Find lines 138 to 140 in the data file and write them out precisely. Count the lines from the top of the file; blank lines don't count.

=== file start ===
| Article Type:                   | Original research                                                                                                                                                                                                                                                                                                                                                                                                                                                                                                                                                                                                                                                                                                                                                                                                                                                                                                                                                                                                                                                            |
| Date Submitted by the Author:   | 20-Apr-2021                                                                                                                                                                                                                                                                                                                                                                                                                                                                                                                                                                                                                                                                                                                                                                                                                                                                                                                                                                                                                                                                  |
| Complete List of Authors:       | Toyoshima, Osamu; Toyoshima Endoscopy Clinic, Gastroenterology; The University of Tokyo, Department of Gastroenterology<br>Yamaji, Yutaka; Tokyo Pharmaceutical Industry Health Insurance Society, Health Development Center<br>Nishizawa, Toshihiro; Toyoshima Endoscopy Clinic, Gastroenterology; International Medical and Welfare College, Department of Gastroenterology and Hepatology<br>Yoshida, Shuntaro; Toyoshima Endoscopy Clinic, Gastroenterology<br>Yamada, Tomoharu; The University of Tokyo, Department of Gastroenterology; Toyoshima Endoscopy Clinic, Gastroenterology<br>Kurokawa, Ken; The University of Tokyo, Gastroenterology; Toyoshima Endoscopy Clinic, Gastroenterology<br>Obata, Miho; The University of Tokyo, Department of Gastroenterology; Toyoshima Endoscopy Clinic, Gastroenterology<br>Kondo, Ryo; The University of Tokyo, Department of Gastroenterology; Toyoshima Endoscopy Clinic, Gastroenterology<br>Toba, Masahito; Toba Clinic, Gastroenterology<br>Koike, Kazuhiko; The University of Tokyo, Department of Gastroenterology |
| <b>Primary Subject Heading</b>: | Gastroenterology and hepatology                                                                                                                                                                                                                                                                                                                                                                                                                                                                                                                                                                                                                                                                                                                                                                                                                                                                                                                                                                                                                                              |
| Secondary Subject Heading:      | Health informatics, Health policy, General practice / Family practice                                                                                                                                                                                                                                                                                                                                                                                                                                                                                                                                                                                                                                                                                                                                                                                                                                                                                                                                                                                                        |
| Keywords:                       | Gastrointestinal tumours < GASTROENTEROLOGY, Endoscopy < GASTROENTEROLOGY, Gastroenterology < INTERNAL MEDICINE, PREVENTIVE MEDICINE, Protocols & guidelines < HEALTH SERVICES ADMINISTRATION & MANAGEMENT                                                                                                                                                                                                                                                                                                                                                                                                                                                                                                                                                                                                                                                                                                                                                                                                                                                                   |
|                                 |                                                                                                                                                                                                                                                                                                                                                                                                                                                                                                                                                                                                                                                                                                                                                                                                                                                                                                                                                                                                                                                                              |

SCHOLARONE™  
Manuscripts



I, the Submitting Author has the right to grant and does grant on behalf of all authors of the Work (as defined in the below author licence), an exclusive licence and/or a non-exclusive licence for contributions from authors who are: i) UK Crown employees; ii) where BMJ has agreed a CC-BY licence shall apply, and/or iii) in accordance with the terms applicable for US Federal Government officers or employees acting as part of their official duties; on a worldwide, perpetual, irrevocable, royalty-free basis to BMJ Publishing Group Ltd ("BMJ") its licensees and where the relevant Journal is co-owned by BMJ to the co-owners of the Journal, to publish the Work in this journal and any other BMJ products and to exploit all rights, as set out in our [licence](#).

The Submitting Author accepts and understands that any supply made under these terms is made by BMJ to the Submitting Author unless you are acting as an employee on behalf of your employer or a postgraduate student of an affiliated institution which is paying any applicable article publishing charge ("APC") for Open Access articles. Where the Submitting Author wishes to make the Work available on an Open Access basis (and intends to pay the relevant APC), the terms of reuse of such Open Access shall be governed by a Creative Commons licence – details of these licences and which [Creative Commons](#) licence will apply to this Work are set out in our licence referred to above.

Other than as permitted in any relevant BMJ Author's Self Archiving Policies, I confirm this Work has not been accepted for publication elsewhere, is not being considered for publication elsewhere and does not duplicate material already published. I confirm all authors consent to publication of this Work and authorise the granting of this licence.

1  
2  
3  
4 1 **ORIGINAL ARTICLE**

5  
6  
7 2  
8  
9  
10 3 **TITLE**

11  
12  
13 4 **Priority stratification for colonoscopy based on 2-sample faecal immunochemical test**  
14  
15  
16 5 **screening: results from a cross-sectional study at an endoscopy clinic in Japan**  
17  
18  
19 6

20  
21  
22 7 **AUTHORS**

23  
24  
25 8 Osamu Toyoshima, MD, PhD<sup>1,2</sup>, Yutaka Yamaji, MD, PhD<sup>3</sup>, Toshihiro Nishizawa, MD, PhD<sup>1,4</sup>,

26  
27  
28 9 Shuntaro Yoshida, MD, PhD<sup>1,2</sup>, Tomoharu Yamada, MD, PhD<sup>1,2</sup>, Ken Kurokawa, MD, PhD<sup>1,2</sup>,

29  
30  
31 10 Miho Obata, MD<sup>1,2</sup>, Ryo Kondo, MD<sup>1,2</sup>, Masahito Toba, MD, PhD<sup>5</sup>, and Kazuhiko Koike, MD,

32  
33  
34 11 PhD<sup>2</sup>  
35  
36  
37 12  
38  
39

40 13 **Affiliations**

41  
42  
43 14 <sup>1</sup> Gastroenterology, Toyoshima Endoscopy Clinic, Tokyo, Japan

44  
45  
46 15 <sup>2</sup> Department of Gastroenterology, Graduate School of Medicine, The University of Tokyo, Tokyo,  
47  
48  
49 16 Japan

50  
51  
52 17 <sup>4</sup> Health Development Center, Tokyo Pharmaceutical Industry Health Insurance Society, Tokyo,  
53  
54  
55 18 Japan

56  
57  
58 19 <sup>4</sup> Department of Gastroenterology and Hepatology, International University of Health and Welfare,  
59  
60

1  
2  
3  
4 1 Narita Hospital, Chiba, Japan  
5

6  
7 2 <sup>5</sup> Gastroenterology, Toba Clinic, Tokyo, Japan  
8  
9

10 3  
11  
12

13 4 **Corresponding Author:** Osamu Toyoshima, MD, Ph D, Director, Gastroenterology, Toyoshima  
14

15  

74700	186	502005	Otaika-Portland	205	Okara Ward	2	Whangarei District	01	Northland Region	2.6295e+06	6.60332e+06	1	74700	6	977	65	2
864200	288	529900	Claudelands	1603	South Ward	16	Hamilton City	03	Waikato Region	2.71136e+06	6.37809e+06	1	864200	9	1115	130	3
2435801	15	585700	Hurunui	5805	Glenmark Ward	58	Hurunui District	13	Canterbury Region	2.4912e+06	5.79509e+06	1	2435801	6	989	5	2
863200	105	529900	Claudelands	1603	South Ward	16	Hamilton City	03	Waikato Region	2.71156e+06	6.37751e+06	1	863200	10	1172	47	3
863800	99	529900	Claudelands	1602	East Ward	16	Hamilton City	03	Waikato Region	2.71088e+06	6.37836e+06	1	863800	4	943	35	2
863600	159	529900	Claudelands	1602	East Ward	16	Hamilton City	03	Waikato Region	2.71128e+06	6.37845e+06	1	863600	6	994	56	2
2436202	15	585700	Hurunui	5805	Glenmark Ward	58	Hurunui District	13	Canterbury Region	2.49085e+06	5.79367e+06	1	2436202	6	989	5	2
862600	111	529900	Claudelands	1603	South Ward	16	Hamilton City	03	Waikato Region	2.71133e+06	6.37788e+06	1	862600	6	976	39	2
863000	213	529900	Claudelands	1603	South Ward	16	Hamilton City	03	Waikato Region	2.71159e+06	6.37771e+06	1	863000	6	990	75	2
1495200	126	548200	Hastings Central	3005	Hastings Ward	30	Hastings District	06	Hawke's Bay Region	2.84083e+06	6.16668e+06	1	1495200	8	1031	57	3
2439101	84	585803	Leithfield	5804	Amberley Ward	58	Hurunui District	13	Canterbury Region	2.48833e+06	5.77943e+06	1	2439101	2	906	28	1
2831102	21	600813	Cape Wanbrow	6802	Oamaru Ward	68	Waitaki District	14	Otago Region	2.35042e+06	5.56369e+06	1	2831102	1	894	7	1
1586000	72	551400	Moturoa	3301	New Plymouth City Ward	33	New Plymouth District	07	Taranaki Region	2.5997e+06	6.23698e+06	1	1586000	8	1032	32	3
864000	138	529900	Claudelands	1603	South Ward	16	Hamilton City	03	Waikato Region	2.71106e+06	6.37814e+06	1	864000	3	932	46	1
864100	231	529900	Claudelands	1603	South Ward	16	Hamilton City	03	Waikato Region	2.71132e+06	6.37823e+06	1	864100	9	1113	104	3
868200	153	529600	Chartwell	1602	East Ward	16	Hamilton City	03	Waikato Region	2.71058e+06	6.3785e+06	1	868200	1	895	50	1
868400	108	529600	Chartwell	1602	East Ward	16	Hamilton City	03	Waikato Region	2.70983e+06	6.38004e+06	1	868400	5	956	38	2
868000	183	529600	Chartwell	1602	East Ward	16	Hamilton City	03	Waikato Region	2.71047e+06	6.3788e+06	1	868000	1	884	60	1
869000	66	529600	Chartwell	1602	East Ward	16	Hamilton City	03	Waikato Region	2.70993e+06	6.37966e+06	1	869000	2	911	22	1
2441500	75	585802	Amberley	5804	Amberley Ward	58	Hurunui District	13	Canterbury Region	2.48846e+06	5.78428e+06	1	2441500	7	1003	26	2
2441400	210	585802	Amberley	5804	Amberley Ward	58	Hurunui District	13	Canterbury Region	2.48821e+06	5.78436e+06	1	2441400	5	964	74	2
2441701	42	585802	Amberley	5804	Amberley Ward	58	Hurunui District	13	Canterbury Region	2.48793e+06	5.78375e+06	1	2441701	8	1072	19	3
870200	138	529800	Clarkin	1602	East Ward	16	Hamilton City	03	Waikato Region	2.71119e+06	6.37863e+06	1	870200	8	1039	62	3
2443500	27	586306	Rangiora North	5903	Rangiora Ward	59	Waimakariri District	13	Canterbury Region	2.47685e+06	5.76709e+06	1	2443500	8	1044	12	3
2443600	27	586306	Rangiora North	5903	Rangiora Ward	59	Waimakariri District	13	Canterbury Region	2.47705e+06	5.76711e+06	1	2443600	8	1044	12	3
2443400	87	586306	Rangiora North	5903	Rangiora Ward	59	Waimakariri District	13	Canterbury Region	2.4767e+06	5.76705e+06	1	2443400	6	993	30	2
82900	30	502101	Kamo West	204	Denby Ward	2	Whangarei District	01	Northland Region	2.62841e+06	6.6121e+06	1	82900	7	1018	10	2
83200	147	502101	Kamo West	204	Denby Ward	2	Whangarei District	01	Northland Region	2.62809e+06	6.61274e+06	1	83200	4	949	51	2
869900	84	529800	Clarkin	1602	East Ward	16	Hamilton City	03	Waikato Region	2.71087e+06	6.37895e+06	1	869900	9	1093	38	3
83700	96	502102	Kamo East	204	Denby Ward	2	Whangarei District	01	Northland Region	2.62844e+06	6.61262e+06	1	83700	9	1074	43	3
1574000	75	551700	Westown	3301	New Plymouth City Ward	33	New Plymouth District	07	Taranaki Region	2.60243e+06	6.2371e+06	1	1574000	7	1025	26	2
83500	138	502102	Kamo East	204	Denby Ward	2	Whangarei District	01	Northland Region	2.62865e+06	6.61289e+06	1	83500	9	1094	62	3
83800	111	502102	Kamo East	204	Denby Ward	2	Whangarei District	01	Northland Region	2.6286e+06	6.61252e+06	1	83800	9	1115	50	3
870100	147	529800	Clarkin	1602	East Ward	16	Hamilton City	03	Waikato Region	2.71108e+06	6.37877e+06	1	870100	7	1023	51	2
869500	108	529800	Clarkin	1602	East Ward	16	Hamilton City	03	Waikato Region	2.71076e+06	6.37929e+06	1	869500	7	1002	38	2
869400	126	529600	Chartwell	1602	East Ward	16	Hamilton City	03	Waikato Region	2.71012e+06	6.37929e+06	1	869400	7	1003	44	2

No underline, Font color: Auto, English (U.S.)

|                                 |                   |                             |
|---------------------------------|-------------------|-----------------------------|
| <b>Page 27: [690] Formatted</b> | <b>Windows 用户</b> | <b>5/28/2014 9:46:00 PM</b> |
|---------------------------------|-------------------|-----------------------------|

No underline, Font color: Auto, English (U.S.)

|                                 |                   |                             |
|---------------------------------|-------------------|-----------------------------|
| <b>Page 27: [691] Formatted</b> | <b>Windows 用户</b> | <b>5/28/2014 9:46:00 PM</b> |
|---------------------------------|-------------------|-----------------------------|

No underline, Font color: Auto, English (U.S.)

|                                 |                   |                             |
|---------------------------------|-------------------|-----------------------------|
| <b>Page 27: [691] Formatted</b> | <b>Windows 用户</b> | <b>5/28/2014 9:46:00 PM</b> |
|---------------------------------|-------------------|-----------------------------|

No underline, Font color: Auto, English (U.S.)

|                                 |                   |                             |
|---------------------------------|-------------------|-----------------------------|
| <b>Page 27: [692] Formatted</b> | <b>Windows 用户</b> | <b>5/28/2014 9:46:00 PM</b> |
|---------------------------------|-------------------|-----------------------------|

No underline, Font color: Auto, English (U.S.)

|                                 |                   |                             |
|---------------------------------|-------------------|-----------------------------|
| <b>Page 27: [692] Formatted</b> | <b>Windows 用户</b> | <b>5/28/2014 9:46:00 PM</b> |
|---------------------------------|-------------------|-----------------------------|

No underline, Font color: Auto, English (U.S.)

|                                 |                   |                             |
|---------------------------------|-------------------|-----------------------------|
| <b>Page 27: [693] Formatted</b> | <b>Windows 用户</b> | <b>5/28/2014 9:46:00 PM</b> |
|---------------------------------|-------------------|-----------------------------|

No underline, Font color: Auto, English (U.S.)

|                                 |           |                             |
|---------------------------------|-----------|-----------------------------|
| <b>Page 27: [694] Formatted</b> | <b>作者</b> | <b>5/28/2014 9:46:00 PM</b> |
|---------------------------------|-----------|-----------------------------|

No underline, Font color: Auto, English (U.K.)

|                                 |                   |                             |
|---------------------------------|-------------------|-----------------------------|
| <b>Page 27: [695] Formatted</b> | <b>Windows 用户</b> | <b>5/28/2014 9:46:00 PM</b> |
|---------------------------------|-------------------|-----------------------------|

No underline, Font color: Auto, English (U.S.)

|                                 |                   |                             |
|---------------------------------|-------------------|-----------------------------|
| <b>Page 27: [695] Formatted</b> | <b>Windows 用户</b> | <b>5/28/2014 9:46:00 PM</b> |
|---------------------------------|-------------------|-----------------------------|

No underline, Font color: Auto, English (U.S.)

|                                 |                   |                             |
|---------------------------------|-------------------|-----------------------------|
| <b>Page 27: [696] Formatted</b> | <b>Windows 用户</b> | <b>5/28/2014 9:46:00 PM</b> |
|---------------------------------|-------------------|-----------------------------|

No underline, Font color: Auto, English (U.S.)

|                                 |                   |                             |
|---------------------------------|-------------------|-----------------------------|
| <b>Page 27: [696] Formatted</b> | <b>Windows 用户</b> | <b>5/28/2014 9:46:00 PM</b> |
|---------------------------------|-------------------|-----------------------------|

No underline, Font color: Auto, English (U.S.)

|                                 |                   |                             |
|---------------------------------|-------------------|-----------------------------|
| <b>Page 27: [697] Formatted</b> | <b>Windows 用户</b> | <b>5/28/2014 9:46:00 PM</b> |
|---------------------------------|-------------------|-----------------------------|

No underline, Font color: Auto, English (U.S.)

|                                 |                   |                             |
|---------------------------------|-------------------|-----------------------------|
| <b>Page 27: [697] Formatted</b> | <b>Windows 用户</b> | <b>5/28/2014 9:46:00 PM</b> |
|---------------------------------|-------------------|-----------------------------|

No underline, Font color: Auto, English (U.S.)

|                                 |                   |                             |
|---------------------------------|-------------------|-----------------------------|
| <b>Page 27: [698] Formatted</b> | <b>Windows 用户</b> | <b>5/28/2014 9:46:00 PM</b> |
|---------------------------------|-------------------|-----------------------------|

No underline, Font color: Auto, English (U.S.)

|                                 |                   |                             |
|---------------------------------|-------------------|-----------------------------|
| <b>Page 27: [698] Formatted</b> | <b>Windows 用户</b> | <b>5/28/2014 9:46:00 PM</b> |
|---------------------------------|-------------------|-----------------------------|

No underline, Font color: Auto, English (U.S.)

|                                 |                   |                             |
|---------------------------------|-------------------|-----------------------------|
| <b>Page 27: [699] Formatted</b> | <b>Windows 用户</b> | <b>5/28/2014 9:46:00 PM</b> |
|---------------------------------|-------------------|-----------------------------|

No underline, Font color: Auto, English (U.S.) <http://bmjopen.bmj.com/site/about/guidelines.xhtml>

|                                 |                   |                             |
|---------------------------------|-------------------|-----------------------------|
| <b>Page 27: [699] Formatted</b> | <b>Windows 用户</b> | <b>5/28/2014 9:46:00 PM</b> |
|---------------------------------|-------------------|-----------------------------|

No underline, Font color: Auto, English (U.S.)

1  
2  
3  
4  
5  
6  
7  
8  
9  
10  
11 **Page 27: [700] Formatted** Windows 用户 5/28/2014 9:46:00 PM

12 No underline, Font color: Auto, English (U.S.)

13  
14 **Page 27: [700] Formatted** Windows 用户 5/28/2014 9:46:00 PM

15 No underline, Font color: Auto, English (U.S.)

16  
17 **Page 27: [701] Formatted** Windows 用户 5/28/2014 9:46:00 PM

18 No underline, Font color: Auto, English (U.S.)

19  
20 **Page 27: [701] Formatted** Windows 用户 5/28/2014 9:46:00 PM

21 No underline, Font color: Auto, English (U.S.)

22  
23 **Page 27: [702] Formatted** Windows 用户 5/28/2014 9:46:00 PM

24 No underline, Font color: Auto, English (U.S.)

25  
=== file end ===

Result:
|---------------------------------|-------------------|-----------------------------|

No underline, Font color: Auto, English (U.S.)

|                                 |                   |                             |